Form of cannabis may have calming effect on agitated Alzheimer's patients
Published Tuesday, July 24, 2018 9:42AM EDT
Canadian researchers are presenting some encouraging early data on a new way of helping to calm agitated patients with Alzheimer’s, using a man-made form of cannabis called nabilone.
About half of patients with advancing Alzheimer’s can become angry, restless and verbally or physically abusive. These behaviours are often the major reason patients are sent to hospital, or institutionalized.
Current treatments for agitation, usually anti-psychotic drugs, have only modest effects and come with a host of side effects, including a higher risk of strokes, falls and death, says Krista Lanctot, principal investigator and senior scientist at Sunnybrook Health Sciences Centre in Toronto.
Her team decided to test the synthetic cannabis in 33 patients with moderate to severe Alzheimer’s who had marked agitation over a 14-week trial. Presenting the data at the Alzheimer’s Association international conference on Tuesday, the Canadians report that while patients were on the nabilone:
- Agitation improved significantly compared to placebo;
- Overall behavioral symptoms improved, compared to placebo.
“They wouldn’t strike out, they wouldn’t get stiff. They were easier to examine and were calmer and more comfortable,” said Dr. Nathan Herrmann, a psychiatrist and scientist with Sunnybrook and the University of Toronto.
What’s more, the synthetic cannabis had a secondary effect -- it appeared to ease stress for caregivers.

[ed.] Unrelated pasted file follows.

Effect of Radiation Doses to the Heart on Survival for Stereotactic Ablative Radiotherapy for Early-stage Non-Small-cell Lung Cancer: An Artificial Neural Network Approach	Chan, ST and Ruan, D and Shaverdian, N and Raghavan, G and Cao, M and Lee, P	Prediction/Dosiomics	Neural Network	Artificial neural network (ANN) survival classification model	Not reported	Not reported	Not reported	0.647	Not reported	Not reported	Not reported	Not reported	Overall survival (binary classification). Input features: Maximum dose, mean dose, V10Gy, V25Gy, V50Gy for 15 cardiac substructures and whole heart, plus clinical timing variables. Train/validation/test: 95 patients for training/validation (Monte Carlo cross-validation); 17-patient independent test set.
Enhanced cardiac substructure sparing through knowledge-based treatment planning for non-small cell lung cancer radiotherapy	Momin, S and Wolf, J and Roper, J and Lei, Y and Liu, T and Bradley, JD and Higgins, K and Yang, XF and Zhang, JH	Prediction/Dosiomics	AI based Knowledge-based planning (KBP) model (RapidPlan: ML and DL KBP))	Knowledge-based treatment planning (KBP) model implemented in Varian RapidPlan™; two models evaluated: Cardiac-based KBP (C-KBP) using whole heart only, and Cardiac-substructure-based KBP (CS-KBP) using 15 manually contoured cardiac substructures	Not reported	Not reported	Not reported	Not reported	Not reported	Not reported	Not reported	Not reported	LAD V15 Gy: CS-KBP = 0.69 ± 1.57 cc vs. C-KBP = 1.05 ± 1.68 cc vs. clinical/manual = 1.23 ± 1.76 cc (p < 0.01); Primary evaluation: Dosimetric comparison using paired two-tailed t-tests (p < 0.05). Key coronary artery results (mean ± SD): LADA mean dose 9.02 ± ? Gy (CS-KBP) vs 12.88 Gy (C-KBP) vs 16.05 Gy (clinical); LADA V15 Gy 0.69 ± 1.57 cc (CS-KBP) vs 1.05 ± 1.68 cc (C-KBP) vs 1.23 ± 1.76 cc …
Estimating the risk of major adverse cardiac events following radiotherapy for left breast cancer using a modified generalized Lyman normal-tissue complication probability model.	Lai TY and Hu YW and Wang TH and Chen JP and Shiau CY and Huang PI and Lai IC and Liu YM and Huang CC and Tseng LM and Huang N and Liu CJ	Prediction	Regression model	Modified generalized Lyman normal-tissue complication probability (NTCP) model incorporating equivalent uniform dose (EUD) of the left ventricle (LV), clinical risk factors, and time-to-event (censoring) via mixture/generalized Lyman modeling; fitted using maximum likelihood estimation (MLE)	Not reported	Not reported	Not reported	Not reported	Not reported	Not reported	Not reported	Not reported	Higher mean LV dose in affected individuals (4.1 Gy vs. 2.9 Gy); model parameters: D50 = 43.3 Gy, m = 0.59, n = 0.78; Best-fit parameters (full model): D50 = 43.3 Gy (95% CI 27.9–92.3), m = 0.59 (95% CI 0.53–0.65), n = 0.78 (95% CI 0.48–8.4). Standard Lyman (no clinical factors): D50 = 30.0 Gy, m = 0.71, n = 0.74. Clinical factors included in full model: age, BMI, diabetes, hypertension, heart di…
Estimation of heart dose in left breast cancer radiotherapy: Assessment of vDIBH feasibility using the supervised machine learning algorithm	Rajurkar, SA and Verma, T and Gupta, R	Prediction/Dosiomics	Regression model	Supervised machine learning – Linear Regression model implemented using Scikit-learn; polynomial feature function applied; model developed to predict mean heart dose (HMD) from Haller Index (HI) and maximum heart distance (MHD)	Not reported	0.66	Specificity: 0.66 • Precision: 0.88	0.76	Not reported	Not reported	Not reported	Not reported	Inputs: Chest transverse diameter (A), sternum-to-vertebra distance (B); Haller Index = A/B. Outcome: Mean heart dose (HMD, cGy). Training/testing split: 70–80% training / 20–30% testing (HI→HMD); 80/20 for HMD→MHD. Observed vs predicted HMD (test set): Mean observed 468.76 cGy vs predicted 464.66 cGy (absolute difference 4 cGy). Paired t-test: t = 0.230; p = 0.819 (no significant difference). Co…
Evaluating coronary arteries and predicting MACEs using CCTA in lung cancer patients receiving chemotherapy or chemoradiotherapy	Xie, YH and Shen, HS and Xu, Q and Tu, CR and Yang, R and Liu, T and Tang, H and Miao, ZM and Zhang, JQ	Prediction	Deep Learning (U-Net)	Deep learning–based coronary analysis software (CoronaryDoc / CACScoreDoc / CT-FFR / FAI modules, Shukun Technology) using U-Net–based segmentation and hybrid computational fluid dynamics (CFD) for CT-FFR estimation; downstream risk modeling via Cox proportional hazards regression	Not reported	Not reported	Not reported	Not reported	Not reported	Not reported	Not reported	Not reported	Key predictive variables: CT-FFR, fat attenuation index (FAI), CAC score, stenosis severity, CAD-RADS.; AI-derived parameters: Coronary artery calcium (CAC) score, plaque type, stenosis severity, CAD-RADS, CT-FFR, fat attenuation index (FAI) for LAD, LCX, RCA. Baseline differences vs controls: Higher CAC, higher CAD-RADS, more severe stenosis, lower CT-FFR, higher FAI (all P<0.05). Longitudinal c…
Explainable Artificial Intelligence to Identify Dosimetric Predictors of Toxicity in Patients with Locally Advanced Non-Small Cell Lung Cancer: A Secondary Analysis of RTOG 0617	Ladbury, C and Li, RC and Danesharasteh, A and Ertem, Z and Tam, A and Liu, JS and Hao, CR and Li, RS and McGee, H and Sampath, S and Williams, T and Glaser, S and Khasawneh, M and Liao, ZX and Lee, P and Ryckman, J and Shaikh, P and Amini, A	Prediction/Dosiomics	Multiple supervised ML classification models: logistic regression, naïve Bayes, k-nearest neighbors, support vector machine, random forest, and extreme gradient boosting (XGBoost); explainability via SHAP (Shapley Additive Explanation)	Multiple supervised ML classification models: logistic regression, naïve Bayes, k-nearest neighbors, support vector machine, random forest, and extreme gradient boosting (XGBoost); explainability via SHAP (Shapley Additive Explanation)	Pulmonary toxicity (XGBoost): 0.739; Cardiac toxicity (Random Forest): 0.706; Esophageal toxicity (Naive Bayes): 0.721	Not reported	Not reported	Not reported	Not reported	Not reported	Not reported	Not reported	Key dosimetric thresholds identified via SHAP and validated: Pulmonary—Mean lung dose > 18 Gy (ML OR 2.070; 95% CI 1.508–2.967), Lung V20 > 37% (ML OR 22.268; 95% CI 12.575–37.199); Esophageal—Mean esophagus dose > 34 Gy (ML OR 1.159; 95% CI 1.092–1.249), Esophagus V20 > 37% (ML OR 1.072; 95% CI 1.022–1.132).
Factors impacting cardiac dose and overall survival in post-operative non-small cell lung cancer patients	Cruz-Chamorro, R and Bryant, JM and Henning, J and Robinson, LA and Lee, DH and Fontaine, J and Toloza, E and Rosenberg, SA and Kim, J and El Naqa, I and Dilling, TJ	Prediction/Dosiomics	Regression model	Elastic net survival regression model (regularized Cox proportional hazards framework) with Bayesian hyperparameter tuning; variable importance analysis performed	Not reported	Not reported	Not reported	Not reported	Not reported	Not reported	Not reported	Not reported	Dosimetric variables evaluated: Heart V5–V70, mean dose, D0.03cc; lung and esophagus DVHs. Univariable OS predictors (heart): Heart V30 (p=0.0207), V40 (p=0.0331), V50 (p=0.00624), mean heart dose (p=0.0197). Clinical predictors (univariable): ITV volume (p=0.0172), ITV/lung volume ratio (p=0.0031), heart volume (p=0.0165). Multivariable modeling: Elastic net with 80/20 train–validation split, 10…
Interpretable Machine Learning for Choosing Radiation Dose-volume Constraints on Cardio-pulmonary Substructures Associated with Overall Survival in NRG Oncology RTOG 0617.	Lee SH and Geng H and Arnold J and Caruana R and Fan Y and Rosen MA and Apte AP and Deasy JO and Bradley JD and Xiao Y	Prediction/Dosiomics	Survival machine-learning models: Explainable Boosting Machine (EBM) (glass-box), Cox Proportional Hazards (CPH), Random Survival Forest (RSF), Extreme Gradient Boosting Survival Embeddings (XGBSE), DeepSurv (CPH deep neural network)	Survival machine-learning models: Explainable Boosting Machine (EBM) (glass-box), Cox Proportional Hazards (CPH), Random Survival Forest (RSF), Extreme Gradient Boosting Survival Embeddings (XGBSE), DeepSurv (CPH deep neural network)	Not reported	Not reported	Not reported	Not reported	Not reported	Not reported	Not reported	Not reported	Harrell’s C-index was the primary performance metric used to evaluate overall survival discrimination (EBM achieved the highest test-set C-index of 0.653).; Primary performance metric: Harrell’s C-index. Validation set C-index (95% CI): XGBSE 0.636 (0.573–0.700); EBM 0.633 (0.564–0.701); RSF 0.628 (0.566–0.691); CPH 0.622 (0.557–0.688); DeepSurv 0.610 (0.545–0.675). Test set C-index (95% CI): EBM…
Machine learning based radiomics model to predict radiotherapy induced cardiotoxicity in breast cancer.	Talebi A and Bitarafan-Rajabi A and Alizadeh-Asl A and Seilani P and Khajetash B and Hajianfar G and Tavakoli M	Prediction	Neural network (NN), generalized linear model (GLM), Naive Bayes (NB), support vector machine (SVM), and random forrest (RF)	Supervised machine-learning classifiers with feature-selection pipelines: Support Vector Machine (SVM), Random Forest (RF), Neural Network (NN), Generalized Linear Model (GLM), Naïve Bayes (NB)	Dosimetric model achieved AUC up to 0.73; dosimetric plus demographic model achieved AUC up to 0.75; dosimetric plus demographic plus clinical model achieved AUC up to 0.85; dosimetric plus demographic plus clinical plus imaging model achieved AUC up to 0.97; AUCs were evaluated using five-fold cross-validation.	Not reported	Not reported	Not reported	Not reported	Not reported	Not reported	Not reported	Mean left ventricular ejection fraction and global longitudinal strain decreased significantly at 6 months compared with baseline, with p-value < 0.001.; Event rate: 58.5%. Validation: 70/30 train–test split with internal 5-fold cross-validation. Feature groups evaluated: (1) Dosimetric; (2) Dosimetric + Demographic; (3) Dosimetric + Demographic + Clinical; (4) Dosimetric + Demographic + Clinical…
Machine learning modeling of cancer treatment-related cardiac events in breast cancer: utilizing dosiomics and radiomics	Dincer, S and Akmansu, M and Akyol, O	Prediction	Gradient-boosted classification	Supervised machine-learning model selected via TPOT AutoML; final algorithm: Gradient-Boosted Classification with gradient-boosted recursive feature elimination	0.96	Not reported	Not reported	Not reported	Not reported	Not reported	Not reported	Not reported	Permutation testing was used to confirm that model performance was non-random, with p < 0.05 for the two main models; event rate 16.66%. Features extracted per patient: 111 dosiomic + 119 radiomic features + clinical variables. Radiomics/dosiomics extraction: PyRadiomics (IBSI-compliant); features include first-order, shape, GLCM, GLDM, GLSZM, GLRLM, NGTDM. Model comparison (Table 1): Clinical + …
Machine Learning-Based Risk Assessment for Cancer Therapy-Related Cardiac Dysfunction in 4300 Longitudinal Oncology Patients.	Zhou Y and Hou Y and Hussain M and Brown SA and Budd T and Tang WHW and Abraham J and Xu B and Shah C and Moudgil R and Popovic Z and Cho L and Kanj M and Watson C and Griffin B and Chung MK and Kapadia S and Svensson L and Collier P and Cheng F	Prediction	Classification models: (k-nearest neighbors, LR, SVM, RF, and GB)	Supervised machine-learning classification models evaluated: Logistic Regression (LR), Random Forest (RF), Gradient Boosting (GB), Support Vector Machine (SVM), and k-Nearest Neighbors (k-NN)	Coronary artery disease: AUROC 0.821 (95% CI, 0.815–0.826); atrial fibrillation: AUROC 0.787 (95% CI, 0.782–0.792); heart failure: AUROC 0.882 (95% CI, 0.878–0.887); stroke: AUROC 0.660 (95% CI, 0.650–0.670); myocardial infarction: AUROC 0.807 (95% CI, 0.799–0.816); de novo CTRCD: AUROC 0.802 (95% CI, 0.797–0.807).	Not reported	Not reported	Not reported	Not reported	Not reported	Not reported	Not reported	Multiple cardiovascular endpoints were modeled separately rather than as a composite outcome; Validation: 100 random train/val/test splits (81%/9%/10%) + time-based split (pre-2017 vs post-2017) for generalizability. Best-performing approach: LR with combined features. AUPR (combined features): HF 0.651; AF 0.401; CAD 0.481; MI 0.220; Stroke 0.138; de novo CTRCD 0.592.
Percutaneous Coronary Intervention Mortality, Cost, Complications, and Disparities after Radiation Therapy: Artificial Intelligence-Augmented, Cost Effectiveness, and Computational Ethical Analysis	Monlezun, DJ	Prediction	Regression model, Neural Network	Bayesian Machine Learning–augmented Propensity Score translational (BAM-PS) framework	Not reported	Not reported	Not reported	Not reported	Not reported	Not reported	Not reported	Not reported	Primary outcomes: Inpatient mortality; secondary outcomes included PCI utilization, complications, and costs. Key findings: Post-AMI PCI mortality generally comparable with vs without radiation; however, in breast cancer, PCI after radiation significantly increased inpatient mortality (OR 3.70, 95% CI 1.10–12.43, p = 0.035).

“(The caregivers) were less anxious, less worried…they felt less burdened by having to look after the patient,” said Herrmann.
The study was partly funded by the Alzheimer’s Society of Canada to take treatments in a new direction, given that most other experimental therapies for Alzheimer’s symptoms have failed.
Nalini Sen, a research director with the society, said it’s something that’s never been done before.
“It is very exciting and out of the box,” she said.
Researchers say they are planning a larger study with more patients, a process they say could take three more years.
The scientists admit that since nabilone is already approved for use in cancer treatment to ease nausea, some doctors will want to try it out on patients sooner. But they say they have not yet confirmed the correct dose, and a way to minimize the sedation that happened to some patients.
In the interim, marijuana is not approved in Canada or the U.S. for the treatment or management of Alzheimer's disease or other dementias.
And doctors warn the study results are not a green light for raw marijuana use.
“I don’t want anybody to get the idea that this is an endorsement of the use of marijuana. This is a synthetic drug, it’s very different. We have no idea what marijuana would do for patients with dementia, said Herrmann.